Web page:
Cultural adaptation: thriving as a Nurse in Belgium

Moving to a new country can be both exhilarating and challenging, especially when it comes to adapting to a different culture.

For nurses considering a move to Belgium, understanding and navigating cultural differences are essential for a successful transition. In this article, we’ll explore practical strategies for cultural adaptation to help nurses thrive in their new environment.

Understanding Belgian Culture

Belgian culture is characterized by its diversity, with influences from French, Dutch, and German traditions. It’s essential for nurses relocating to Belgium to familiarize themselves with the cultural nuances of the regions where they’ll be working. While French is predominantly spoken in the southern region of Wallonia, Dutch is the primary language in the northern region of Flanders. Brussels, the capital city, is officially bilingual, with both French and Dutch widely spoken.

Mastering a new language is essential for nurses relocating to Belgium, and Moving People is here to support you every step of the way. While English is commonly spoken in healthcare settings, fluency in French or Dutch is invaluable for seamless communication with patients, colleagues, and supervisors. With Moving People’s free language courses, nurses can enhance their language skills before and after their arrival in Belgium, maximizing their professional opportunities and integration into the local community.

Cultural Norms and Etiquette

Belgian culture places a strong emphasis on politeness, respect, and punctuality. Nurses should familiarize themselves with common social customs and etiquette, such as greeting colleagues with a handshake, addressing individuals by their titles, and observing punctuality for appointments and meetings. Additionally, understanding cultural norms surrounding topics like personal space, direct communication, and social hierarchy can facilitate smoother interactions in both professional and social settings.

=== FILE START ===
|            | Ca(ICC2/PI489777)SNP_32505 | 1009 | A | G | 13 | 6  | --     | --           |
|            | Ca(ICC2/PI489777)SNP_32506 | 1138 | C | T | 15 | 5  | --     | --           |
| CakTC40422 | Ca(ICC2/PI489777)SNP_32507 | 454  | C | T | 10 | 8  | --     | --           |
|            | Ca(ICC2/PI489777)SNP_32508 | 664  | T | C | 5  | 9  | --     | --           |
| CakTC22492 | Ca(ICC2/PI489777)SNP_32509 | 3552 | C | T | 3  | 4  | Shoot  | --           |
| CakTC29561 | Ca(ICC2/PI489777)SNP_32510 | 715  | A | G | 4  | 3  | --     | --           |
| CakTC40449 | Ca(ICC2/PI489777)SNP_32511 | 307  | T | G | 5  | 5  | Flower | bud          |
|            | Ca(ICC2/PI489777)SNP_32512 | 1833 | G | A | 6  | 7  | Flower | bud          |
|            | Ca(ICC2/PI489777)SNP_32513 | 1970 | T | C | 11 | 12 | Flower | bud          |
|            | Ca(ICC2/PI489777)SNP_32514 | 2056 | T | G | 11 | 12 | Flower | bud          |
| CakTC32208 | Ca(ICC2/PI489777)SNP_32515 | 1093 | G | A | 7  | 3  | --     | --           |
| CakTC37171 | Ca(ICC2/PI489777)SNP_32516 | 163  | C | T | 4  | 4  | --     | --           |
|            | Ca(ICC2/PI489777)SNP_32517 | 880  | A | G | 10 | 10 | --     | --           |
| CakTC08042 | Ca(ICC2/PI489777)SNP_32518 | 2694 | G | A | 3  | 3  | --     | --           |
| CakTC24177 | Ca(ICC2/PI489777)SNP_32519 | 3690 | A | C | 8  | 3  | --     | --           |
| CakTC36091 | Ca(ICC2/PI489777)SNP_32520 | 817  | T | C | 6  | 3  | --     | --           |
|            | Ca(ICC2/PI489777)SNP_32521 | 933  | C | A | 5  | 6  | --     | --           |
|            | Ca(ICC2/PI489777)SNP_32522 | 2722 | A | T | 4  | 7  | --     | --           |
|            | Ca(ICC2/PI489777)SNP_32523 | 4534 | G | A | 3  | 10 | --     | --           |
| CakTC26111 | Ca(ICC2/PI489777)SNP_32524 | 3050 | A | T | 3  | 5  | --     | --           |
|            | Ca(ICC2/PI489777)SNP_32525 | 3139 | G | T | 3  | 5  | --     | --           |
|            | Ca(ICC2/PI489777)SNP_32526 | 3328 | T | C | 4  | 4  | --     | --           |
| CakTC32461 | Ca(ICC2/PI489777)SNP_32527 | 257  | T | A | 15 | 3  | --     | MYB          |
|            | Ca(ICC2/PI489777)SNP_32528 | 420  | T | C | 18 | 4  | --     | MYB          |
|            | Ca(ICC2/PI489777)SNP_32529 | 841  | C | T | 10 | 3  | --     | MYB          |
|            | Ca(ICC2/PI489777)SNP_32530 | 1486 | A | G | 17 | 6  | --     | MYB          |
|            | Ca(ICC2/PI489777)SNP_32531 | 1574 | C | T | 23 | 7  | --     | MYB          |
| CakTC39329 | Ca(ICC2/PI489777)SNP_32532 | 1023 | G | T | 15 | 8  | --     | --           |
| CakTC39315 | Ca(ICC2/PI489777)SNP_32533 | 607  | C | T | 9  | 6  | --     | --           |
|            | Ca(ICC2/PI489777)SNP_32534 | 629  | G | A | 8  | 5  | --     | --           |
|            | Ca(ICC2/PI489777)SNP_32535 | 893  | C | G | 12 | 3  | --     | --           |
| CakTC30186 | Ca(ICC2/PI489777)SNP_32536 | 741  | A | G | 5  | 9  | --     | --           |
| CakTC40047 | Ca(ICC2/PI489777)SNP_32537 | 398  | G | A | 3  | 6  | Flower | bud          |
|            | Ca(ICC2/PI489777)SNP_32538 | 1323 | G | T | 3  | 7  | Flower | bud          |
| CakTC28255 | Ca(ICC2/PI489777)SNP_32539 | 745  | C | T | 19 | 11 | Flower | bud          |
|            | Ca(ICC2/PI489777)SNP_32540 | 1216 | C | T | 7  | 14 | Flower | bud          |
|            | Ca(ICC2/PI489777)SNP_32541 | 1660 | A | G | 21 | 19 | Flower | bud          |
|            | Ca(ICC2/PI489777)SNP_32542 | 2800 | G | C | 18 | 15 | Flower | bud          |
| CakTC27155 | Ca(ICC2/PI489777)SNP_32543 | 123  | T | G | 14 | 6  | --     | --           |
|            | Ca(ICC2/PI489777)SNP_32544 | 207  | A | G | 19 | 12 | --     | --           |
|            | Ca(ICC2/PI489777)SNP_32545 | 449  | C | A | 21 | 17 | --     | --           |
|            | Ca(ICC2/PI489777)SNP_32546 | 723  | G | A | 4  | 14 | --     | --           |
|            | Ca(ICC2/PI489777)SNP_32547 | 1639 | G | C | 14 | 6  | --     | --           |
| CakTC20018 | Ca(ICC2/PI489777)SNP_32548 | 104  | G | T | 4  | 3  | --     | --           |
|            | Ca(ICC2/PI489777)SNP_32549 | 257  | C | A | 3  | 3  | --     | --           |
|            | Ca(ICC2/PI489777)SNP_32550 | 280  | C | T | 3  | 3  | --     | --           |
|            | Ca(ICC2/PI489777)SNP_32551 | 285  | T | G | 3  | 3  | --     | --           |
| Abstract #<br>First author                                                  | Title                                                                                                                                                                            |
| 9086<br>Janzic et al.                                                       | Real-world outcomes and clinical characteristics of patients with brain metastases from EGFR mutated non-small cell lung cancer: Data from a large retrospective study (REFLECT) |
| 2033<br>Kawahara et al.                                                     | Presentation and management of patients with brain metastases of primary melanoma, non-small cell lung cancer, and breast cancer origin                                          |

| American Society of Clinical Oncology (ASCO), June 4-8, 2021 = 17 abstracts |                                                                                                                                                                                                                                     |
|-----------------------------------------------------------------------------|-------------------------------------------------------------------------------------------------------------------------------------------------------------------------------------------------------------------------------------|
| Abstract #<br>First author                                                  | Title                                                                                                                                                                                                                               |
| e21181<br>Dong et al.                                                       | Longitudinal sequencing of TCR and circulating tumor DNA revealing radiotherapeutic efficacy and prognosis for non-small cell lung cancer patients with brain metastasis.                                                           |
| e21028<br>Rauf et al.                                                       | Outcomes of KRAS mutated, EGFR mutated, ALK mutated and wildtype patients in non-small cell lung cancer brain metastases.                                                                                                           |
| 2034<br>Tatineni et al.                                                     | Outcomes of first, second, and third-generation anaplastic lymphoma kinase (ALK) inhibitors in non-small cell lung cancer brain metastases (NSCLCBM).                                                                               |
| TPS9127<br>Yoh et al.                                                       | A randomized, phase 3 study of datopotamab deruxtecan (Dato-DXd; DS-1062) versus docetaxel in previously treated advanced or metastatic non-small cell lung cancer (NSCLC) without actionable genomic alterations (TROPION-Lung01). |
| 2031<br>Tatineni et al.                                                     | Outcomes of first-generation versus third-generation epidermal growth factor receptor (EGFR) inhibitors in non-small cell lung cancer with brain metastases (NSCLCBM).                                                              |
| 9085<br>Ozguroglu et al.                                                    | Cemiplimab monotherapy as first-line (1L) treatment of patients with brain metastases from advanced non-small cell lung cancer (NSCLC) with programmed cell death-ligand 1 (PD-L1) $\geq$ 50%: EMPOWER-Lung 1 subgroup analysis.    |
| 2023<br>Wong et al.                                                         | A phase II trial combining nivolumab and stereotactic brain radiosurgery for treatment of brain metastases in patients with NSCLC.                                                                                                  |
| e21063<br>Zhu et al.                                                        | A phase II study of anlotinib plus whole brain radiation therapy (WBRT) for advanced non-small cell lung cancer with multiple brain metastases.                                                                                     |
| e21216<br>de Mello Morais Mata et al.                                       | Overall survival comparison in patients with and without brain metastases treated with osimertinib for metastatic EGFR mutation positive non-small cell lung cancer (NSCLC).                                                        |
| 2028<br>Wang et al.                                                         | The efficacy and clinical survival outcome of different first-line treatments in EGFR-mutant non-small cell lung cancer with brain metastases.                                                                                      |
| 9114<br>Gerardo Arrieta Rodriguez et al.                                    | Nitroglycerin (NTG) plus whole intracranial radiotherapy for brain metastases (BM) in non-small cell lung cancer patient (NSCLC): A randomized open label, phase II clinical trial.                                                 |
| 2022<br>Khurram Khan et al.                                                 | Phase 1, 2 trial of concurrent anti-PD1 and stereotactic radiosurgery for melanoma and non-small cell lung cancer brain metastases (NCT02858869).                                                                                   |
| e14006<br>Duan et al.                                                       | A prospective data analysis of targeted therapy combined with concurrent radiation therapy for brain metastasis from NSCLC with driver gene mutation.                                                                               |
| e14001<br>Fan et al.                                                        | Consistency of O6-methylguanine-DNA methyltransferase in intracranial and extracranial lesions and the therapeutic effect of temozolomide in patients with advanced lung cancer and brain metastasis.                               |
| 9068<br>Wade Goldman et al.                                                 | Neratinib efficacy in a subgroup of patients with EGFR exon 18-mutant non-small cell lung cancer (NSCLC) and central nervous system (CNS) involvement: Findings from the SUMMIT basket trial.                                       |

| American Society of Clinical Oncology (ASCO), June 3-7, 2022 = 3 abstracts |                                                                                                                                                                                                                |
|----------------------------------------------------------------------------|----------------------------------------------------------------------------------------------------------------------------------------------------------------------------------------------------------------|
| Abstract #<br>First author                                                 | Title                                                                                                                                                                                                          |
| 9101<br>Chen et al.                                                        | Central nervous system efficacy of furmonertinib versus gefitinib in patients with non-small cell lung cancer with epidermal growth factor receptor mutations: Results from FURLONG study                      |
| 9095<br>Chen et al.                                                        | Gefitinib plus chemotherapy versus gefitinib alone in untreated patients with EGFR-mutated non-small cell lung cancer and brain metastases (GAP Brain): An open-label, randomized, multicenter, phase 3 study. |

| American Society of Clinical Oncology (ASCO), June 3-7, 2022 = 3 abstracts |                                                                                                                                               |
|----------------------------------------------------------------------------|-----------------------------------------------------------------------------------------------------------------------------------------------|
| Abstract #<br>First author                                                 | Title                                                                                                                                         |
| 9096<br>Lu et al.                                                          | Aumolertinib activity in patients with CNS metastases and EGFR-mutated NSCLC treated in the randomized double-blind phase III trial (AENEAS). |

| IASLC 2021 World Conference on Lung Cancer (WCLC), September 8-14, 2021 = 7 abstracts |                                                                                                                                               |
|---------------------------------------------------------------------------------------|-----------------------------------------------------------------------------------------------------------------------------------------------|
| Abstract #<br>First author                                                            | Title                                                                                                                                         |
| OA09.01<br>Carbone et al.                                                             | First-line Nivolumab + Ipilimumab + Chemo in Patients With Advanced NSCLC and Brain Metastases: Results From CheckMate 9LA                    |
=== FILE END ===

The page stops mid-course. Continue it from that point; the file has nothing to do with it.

Integration and Networking

Building a strong support network and integrating into the local community are crucial aspects of cultural adaptation. Nurses can seek out networking opportunities, join professional associations, and participate in cultural events to connect with fellow healthcare professionals and community members. Embracing local traditions, cuisine, and leisure activities can also enrich the cultural experience and foster a sense of belonging in Belgium.

Seeking Support

Transitioning to a new country can be emotionally challenging, and it’s essential for nurses to prioritize their mental and emotional well-being. Seeking support from colleagues, supervisors, and mental health professionals can provide valuable assistance during the adaptation process. Additionally, reaching out to expatriate support groups, language exchange programs, and cultural orientation resources can offer practical guidance and encouragement.

Adapting to a new culture is a journey that requires patience, openness, and a willingness to learn. By understanding and embracing the cultural nuances of Belgium, nurses can not only thrive in their professional roles but also enjoy a rich and rewarding experience in their adopted home. With the right mindset, support network, and commitment to cultural adaptation, nurses can embark on a successful and fulfilling career in Belgium’s dynamic healthcare sector.